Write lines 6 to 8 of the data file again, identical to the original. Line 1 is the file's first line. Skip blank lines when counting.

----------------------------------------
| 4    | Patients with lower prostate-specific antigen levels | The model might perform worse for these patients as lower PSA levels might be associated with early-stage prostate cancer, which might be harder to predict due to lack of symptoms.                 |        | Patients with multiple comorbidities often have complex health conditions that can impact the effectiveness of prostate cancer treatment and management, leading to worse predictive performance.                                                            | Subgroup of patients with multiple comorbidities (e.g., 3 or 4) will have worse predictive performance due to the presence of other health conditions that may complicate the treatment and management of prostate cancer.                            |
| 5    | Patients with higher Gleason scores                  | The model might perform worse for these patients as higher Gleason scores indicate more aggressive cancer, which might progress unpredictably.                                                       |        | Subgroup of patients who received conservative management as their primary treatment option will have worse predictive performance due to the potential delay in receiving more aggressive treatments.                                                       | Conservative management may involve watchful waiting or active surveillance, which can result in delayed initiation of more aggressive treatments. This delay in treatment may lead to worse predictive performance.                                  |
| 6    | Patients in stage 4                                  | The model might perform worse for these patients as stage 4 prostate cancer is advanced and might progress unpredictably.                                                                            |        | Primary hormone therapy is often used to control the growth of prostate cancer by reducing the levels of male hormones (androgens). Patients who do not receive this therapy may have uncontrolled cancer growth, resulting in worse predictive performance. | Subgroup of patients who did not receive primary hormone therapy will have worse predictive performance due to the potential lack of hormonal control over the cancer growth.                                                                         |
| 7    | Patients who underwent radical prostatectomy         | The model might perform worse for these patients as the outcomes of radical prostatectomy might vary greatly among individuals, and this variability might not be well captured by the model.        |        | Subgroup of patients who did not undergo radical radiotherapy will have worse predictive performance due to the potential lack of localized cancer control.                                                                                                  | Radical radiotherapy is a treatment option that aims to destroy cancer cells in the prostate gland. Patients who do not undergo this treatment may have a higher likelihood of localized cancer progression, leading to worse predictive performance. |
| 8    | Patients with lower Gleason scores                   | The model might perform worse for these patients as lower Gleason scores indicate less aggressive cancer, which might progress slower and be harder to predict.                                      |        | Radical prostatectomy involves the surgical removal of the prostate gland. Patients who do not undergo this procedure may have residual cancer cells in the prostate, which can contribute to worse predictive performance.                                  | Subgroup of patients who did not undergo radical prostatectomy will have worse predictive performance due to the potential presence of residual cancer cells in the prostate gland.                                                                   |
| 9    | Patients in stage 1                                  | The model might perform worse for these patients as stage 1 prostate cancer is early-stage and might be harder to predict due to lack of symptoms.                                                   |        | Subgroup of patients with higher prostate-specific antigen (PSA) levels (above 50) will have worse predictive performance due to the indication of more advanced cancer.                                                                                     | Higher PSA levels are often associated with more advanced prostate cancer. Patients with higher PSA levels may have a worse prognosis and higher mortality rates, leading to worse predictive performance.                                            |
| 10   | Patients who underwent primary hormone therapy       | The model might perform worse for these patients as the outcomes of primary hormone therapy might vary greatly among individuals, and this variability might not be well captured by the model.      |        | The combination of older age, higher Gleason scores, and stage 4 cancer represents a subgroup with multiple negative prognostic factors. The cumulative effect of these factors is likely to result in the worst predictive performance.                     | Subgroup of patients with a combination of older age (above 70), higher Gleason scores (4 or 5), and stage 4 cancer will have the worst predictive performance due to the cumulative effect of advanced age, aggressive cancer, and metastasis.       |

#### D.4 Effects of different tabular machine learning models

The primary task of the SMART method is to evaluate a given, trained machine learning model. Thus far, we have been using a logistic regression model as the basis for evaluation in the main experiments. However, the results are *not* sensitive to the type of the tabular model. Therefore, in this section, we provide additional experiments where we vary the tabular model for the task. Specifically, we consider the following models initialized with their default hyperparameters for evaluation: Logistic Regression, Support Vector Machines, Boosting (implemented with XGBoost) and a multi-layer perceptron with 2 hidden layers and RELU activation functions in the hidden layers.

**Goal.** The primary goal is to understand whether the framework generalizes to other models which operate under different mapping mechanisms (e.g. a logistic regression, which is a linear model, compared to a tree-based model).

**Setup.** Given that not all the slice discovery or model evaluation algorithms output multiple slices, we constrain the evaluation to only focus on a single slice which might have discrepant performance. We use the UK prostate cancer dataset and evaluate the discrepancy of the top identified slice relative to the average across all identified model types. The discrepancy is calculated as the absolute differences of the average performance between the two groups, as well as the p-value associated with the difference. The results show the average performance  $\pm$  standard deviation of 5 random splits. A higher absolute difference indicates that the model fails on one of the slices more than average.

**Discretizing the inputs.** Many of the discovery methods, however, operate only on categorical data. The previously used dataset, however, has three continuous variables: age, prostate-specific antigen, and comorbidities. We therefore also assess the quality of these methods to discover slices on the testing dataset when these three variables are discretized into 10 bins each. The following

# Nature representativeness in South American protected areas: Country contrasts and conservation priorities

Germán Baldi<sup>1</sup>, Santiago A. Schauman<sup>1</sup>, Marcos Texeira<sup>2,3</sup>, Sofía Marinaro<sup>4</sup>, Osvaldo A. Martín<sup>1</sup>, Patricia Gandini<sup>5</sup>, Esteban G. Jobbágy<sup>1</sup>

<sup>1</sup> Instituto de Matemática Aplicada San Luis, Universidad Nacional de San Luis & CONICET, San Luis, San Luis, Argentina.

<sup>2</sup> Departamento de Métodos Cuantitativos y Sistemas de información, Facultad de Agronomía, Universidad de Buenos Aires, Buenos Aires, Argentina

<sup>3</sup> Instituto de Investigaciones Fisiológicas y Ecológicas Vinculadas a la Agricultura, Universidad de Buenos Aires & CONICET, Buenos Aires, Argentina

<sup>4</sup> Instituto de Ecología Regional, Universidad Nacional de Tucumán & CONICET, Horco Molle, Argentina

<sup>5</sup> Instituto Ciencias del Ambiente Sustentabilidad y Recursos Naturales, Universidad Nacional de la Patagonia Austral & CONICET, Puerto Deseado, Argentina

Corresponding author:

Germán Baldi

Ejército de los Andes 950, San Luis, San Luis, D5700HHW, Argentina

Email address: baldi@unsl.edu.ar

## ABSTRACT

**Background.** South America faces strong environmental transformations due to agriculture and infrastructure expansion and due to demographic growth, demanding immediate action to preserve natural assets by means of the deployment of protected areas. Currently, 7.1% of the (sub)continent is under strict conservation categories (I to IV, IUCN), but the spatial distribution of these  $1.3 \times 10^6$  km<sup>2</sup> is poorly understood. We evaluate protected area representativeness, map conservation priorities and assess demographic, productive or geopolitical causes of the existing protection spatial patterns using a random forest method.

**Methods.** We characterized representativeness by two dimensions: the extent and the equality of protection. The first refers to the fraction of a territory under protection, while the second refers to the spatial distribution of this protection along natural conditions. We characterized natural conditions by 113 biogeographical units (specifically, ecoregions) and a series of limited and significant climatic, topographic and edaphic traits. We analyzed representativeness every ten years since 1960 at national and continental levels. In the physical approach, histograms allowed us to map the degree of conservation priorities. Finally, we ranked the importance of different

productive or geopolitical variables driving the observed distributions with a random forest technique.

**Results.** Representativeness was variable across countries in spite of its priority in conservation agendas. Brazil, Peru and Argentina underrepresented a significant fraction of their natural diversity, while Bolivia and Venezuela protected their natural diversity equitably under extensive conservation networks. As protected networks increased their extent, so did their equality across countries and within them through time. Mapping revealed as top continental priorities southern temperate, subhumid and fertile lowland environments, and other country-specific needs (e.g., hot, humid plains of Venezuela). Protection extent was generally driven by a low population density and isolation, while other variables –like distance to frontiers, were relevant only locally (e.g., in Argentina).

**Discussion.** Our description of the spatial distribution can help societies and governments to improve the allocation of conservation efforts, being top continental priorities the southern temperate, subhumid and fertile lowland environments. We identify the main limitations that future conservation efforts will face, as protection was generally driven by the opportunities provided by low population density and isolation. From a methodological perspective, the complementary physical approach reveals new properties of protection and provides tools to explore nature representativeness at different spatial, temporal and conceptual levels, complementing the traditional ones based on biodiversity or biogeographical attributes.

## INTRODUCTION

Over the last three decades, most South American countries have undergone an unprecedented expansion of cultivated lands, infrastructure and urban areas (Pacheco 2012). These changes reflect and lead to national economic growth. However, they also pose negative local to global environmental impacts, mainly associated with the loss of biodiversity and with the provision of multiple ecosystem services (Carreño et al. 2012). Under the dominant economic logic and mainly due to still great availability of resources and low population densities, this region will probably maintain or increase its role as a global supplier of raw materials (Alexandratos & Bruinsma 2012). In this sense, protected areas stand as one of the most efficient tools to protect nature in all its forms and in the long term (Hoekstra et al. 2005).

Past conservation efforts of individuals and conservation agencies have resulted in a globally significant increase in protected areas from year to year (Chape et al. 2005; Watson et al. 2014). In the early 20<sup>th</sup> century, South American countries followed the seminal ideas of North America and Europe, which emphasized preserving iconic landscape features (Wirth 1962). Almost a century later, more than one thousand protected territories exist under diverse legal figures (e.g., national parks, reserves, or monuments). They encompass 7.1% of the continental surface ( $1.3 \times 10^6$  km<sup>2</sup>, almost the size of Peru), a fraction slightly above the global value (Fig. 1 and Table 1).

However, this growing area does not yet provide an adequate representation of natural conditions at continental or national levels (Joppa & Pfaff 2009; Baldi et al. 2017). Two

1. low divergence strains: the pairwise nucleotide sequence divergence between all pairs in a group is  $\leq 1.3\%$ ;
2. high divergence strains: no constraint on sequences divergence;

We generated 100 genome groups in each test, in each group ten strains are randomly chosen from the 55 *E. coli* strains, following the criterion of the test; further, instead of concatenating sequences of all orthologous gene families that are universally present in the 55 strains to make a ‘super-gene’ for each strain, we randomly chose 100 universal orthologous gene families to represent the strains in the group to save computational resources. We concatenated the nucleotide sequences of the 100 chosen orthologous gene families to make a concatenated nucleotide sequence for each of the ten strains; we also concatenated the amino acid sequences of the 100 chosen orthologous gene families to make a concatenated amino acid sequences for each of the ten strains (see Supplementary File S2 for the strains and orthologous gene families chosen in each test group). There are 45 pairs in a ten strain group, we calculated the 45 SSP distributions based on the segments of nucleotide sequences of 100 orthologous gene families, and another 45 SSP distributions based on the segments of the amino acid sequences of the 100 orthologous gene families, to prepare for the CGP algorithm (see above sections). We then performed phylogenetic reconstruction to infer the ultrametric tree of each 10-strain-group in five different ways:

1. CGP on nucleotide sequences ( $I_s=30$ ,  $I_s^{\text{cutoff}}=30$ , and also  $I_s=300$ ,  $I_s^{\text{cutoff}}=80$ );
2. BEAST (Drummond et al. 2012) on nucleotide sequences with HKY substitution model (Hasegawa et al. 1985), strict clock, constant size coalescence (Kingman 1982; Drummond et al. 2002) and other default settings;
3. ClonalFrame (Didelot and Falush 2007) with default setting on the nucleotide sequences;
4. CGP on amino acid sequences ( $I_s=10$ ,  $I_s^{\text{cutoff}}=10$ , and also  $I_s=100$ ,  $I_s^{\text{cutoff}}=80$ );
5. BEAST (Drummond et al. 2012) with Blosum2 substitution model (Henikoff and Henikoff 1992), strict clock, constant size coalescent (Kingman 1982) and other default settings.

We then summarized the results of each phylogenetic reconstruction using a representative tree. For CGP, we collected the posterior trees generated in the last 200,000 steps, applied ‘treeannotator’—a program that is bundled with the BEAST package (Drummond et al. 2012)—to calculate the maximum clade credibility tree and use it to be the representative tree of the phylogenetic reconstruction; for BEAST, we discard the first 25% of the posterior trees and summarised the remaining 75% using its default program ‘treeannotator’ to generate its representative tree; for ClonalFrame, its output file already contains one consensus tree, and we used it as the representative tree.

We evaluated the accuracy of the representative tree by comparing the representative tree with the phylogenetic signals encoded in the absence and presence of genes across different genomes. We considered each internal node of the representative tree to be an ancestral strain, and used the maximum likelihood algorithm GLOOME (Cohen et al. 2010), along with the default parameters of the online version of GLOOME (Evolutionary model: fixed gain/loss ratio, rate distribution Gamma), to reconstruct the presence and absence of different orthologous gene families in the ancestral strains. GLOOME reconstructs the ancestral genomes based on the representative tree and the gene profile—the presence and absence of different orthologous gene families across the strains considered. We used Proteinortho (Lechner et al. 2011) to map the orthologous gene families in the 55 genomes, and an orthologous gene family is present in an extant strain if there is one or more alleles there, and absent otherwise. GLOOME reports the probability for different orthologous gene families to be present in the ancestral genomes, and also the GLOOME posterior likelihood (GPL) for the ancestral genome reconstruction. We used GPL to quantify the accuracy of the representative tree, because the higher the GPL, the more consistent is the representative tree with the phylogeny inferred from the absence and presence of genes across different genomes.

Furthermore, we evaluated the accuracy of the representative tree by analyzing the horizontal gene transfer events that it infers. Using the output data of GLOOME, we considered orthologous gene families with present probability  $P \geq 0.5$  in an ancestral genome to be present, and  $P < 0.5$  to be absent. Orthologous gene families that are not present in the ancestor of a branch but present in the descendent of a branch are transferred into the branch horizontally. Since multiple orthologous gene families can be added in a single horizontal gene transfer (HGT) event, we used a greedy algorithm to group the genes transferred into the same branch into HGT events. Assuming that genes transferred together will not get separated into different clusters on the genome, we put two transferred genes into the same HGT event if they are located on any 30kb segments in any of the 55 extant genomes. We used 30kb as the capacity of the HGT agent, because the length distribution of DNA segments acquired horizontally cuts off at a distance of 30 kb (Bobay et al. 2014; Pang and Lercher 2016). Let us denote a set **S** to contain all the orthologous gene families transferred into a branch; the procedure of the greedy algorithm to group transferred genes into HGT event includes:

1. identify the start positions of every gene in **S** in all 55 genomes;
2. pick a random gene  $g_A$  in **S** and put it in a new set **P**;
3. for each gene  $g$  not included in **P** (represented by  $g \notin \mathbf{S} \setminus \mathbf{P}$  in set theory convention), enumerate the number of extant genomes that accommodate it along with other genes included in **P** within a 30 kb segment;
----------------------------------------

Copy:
| 9    | Patients in stage 1                                  | The model might perform worse for these patients as stage 1 prostate cancer is early-stage and might be harder to predict due to lack of symptoms.                                                   |        | Subgroup of patients with higher prostate-specific antigen (PSA) levels (above 50) will have worse predictive performance due to the indication of more advanced cancer.                                                                                     | Higher PSA levels are often associated with more advanced prostate cancer. Patients with higher PSA levels may have a worse prognosis and higher mortality rates, leading to worse predictive performance.                                            |
| 10   | Patients who underwent primary hormone therapy       | The model might perform worse for these patients as the outcomes of primary hormone therapy might vary greatly among individuals, and this variability might not be well captured by the model.      |        | The combination of older age, higher Gleason scores, and stage 4 cancer represents a subgroup with multiple negative prognostic factors. The cumulative effect of these factors is likely to result in the worst predictive performance.                     | Subgroup of patients with a combination of older age (above 70), higher Gleason scores (4 or 5), and stage 4 cancer will have the worst predictive performance due to the cumulative effect of advanced age, aggressive cancer, and metastasis.       |

#### D.4 Effects of different tabular machine learning models